Brandon Carr is the biggest free agent acquisition the Dallas Cowboys have signed in years, perhaps even a decade. In March 2012, Carr signed a five-year, $50.1 million contract. The deal contains $25.5 million guaranteed (a $10 million signing bonus and all of Carr’s 2012 and 2013 base salaries). His salary for each year: 2012: $1.2 million, 2013: $14.3 million, 2014: $7.5 million, 2015: $8 million, 2016: $9.1 million, 2017: $10 million (Voidable Year), 2018: Free Agent
The Cowboy Nation was treated to a preview of what to expect from the new CB when the Cowboys played the San Diego Chargers last Saturday. Carr looked like he was worth money: he picked off two passes despite playing much less than a full game. Perhaps more importantly, the San Diego offense, even with Phillip Rivers and the starting WR’s, were not able to complete any passes on Carr for any significant gains.
Brandon Carr’s interception of Phillip Rivers has led to considerable debate. At full speed, it looked like an excellent play by Carr; it was the exact kind of play that fans expect from him after signing such a huge contract: he located the ball quickly once it was thrown, adjusted to it in stride, leaped into the air, showed soft hands in reeling it in, and made a decent return after securing the ball.
Shortly after the game, Clarence Hill Jr. (beat writer for Dallas Sports since 1997 @clarencehilljr) tweeted that he spoke to Carr:
Asked Brandon Carr if he baited Rivers on first pick, he said yea I got that from Deion (Sanders). #baller
I didn’t give much consideration whether it was true, or whether it was simply opportunistic bravado by Carr.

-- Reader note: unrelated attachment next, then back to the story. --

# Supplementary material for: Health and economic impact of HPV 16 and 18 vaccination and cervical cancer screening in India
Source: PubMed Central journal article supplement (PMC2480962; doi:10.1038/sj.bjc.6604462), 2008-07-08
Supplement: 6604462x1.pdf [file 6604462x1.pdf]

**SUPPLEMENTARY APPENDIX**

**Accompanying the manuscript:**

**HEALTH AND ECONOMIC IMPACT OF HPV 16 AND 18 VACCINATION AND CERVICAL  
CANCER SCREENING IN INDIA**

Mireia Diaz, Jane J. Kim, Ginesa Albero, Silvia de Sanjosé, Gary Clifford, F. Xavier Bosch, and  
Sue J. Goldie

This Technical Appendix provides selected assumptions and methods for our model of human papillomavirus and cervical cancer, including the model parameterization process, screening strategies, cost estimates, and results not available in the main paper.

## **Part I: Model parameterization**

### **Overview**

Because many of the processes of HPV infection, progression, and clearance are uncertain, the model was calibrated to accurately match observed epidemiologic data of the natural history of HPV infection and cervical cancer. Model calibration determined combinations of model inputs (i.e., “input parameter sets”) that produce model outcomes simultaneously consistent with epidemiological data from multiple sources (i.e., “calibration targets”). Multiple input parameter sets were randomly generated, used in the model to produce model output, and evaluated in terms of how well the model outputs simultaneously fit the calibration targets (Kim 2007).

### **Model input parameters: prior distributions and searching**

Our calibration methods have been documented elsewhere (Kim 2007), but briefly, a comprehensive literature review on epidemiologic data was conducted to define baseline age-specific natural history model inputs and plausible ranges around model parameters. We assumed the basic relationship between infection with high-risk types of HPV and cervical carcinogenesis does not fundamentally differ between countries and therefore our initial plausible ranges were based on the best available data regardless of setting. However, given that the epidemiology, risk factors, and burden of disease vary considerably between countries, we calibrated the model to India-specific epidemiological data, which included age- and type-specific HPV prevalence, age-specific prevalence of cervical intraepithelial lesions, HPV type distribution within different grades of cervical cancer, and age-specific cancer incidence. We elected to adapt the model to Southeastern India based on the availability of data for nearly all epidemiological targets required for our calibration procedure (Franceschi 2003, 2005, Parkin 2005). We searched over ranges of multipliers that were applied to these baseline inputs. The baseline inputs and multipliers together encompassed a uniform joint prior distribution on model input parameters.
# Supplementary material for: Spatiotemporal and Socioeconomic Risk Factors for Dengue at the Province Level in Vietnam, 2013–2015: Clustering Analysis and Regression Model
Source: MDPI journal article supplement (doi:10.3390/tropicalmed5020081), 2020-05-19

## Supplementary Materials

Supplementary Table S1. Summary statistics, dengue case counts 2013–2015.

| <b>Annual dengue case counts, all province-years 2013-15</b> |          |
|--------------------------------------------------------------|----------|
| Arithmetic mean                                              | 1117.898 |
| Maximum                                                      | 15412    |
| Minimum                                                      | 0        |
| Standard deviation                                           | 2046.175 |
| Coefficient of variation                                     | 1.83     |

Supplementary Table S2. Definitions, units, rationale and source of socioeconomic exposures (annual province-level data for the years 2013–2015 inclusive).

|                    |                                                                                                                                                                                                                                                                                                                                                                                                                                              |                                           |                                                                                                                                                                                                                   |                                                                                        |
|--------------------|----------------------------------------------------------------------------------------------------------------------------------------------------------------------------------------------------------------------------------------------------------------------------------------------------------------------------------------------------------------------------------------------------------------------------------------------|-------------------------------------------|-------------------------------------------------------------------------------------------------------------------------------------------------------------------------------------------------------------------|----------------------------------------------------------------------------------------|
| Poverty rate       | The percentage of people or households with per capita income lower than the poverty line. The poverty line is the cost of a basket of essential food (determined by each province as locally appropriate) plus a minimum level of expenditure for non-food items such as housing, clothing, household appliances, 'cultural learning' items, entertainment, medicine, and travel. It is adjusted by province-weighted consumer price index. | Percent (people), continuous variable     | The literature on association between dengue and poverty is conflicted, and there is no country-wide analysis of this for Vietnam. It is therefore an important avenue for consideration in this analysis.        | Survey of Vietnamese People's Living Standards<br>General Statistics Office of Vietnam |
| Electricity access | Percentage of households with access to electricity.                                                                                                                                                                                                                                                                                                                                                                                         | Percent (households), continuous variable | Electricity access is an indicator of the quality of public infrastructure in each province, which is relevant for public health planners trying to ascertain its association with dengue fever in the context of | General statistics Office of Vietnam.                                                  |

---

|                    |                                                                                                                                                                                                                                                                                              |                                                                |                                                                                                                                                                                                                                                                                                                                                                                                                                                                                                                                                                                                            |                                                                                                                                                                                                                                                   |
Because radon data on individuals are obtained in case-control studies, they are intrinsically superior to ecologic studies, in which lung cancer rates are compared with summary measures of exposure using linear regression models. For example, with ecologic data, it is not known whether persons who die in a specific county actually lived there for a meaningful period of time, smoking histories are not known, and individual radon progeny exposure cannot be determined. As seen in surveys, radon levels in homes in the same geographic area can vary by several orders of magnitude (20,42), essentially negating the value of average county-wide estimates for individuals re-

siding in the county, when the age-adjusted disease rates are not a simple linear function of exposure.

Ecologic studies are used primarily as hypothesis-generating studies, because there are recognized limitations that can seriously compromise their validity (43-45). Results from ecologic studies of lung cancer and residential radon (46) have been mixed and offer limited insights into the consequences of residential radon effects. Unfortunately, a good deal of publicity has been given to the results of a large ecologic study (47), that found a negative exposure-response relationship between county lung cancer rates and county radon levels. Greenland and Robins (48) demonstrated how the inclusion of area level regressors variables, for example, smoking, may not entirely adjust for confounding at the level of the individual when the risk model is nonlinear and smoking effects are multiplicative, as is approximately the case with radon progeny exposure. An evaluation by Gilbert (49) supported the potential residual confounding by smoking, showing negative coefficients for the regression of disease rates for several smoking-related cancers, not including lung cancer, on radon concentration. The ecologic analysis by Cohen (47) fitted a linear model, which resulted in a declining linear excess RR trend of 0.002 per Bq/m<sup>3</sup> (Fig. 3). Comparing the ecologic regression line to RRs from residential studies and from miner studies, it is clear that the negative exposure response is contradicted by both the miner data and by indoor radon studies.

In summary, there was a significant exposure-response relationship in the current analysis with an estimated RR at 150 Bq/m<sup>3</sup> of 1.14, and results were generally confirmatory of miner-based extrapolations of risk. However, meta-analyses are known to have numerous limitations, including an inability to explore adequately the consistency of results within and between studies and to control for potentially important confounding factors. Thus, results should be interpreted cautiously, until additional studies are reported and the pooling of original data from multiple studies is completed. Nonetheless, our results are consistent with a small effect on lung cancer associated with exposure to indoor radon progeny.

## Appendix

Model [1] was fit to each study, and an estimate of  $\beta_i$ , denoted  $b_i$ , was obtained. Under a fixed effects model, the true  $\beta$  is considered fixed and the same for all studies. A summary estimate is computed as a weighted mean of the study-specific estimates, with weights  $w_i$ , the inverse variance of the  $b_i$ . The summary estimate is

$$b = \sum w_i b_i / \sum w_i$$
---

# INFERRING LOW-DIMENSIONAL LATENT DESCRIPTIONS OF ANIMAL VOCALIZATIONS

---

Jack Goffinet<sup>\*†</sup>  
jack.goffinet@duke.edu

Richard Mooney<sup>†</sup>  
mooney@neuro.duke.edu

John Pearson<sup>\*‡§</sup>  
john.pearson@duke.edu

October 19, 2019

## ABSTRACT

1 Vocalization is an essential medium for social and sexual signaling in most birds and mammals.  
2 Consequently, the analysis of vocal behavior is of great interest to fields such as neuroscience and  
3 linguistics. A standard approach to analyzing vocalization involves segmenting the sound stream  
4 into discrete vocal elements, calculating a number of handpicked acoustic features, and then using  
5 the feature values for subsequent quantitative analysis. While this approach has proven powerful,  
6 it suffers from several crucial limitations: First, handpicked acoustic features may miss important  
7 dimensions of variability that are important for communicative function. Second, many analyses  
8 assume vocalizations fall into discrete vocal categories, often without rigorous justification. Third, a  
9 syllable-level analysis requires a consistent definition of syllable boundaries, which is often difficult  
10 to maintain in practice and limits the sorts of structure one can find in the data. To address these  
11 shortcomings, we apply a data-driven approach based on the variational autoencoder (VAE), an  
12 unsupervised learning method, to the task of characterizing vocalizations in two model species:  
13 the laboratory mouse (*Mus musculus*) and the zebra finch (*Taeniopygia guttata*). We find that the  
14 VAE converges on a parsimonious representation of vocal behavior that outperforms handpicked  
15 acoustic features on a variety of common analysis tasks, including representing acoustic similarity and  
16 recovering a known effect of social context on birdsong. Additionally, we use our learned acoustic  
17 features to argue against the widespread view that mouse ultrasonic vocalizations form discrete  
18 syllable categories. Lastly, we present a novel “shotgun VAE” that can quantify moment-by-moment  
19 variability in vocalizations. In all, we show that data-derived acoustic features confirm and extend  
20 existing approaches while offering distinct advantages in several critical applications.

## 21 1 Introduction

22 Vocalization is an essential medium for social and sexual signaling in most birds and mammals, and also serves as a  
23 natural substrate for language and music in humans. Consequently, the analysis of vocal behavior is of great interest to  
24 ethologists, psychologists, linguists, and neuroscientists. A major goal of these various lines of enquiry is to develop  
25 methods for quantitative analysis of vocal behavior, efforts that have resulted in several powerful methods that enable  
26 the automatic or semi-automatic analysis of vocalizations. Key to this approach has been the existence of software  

A few days after the game, this was posted on Twitter:
“Carr got a little lucky. He did let Meachem run by him. If that ball is out in front it’s 6 for SD.”
Given the limited video footage of the play, it is not a simple issue to determine whether Carr baited or got beat. There are only 3 camera angles available from the live broadcast, and the NFL is not releasing the All-22 film for pre-season games. None of the video shows both Carr and Meachem for the entire play. The earliest we get any footage of them is when they are already 20 yards downfield from the line of scrimmage.
Those who claim that Carr was beat by Meachem rely on two basic arguments: first, the ball was underthrown by Rivers; second, it would have been a TD if Rivers had thrown a better pass farther down field.
The announcer states that River’s “underthrew” the ball, and it certainly appears that he did, but that doesn’t necessarily proves that a deeper pass would have resulted in a TD. It’s possible that on a pass that deep, Carr could have recovered and made a play on the ball (even if we assume that he was ‘beat’ at some point on the play).
Moreover, the video footage makes it possible to determine whether Carr was beat at any point in the play.
The second view of the interception, which showed both Carr and Meachem for the longest, only picked up the play when both players were already 20 yards down field. Because the replay doesn’t show the time-clock, it is hard to determine whether the ball is already in the air, or still in Phillip’s hand, when the camera picks them up near the Dallas 40 yard line. Carr is still fairly close to being in stride with Meachem as they cross the Dallas 40, Meachem starts to pull away from Carr in his first couple steps after the 40, but it’s possible that Carr was playing the ball at that point, rather than worrying about whether Meachem was running by him.
None of the replays make it clear where Carr and Meachem were when the ball was thrown, so it is impossible to determine whether Carr was playing Meachem or the ball when we see Meachem start to pull away from Carr after they pass the Dallas 40. Without knowing that, there is not enough evidence to prove that Carr was beat.